Of course, Milicic was branded this way because in his first few NBA seasons he was only inserted into the game when his team, the Pistons, had already locked up the win. His 40 seconds of playing time meant that Detroit was up by 20 points and there was absolutely no chance of its opponent coming back. Since those first years in the league, “The Human Victory Cigar” has garnered his fair share of negative media attention, and somehow managed to simultaneously become a sort of counter culture hero. And that counter culture is the likely source of one of the best nicknames in the NBA. Cheers to you, underground back up power forward fan club.
May 31, 2011
The recently retired Phil Jackson is considered one of the best coaches in NBA history. But the simple fact is that he should be clearly viewed at the top of that list. His most fierce competition for that top spot comes from former NBA team Boston Celtics’ coach Red Auerbach, so for the sake of argument, I’ll compare the two.
For starters, Phil simply won more. His eleven titles beat Auerbach’s nine and while that’s not the only thing that matters, it’s a great place to begin.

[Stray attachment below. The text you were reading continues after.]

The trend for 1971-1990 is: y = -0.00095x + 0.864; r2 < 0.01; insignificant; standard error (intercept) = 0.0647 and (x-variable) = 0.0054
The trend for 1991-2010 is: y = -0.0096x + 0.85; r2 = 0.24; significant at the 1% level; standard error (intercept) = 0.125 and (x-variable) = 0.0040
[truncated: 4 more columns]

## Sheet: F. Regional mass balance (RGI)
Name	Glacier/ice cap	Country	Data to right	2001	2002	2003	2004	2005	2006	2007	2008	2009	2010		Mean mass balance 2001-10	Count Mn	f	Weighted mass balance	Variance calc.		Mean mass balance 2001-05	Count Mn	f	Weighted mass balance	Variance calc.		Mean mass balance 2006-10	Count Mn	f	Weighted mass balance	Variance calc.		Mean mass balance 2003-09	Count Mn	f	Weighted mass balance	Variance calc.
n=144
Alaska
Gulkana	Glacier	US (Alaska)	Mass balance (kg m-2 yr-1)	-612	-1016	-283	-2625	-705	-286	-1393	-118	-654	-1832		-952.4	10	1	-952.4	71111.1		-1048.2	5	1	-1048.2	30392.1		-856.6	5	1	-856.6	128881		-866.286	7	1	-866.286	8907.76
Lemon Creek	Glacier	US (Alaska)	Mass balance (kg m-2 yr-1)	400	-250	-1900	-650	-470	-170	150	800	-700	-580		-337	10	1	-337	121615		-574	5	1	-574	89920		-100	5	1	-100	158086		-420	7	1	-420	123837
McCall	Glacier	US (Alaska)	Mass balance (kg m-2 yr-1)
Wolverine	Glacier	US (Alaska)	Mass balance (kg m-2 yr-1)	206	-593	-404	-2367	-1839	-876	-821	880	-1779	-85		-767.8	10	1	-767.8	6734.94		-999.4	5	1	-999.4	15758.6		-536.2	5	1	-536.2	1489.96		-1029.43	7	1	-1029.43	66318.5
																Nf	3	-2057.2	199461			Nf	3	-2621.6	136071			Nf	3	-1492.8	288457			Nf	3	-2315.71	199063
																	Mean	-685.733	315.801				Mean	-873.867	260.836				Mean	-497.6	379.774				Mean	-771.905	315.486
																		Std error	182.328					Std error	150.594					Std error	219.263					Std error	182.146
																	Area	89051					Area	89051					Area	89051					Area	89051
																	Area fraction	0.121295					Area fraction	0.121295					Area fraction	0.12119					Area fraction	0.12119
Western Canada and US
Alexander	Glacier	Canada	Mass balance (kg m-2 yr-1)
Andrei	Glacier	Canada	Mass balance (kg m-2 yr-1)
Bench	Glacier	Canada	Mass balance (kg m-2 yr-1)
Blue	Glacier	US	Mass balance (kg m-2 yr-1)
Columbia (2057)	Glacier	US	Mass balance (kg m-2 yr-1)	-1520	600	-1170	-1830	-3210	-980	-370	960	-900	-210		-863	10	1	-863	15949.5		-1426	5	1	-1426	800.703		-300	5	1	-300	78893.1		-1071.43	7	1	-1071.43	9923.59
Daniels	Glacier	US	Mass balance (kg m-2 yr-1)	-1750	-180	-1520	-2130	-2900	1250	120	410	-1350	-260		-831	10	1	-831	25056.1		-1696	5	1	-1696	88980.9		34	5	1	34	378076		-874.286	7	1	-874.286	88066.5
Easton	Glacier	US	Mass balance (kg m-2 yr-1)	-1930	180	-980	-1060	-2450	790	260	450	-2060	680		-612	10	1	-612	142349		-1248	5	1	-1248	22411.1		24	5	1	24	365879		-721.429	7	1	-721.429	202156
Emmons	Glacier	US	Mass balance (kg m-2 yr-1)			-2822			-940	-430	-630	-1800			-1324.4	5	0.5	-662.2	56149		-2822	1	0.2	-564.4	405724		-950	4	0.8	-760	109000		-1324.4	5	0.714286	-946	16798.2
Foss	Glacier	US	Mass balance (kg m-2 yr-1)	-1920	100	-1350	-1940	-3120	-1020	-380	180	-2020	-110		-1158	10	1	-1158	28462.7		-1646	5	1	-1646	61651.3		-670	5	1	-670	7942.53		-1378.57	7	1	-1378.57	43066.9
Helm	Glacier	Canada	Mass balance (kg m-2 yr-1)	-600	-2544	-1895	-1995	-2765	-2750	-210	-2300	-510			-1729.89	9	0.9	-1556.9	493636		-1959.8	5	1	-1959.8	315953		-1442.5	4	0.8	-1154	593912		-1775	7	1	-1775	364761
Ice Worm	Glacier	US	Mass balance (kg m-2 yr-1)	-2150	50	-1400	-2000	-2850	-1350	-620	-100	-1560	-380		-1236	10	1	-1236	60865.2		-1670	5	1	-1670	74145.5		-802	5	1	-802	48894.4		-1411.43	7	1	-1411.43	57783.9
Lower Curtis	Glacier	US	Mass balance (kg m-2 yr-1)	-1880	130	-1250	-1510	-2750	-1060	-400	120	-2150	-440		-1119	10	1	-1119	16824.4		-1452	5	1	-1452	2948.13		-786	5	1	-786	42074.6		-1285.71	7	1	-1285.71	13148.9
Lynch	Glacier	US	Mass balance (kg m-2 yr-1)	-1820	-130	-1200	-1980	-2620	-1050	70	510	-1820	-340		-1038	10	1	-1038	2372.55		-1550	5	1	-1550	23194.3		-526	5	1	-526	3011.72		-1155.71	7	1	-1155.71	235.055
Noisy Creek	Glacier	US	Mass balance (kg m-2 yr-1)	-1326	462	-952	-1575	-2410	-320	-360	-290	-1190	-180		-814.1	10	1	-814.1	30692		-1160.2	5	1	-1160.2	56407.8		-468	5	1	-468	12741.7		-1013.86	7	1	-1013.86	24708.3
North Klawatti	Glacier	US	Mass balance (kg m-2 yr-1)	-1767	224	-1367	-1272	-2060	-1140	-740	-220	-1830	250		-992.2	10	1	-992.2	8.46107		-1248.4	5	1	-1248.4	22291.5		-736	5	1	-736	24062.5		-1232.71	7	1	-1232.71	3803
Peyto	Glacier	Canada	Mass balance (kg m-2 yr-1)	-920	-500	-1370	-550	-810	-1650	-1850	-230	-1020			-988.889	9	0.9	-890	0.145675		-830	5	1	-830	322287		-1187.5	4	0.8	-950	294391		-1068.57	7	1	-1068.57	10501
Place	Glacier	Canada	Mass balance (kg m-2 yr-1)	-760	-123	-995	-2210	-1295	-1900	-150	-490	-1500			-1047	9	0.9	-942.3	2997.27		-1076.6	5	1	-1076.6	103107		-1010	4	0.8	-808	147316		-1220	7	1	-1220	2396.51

Now the talent – ah, yes. We hear it all the time from misguided fans – ‘Phil had MJ and Kobe – who wouldn’t win with those two?’ Well, Doug Collins, Rudy Tomjanovich, and Del Harris, actually. Seriously though, Phil’s detractors love to point out that he won his titles with four of the best NBA players in history – Michael Jordan, Kobe Bryant, Shaquille O’Neal, and Scottie Pippen. While that’s true, it’s also important to point out that none of those players won titles under other coaches.
The amusing thing is that it’s not only arguable that Red Auerbach had more talent, it’s likely. In 1996, the NBA named its famous ’50 at 50’ – the top fifty NBA players in history. While this was a subjective list, it’s difficult to find many problems with the selections. Red won his 11 titles with six of those players on his rosters, while Phil had the aforementioned four.
A deeper look shows that Auerbach had an even greater advantage, though.
His championships were won with many of those NBA players on any given team. Auerbach never won a single championship with fewer than three top 50 players at one time – and many years, his teams boasted four such stars. Jackson, on the other hand, never had more than two on the same squad.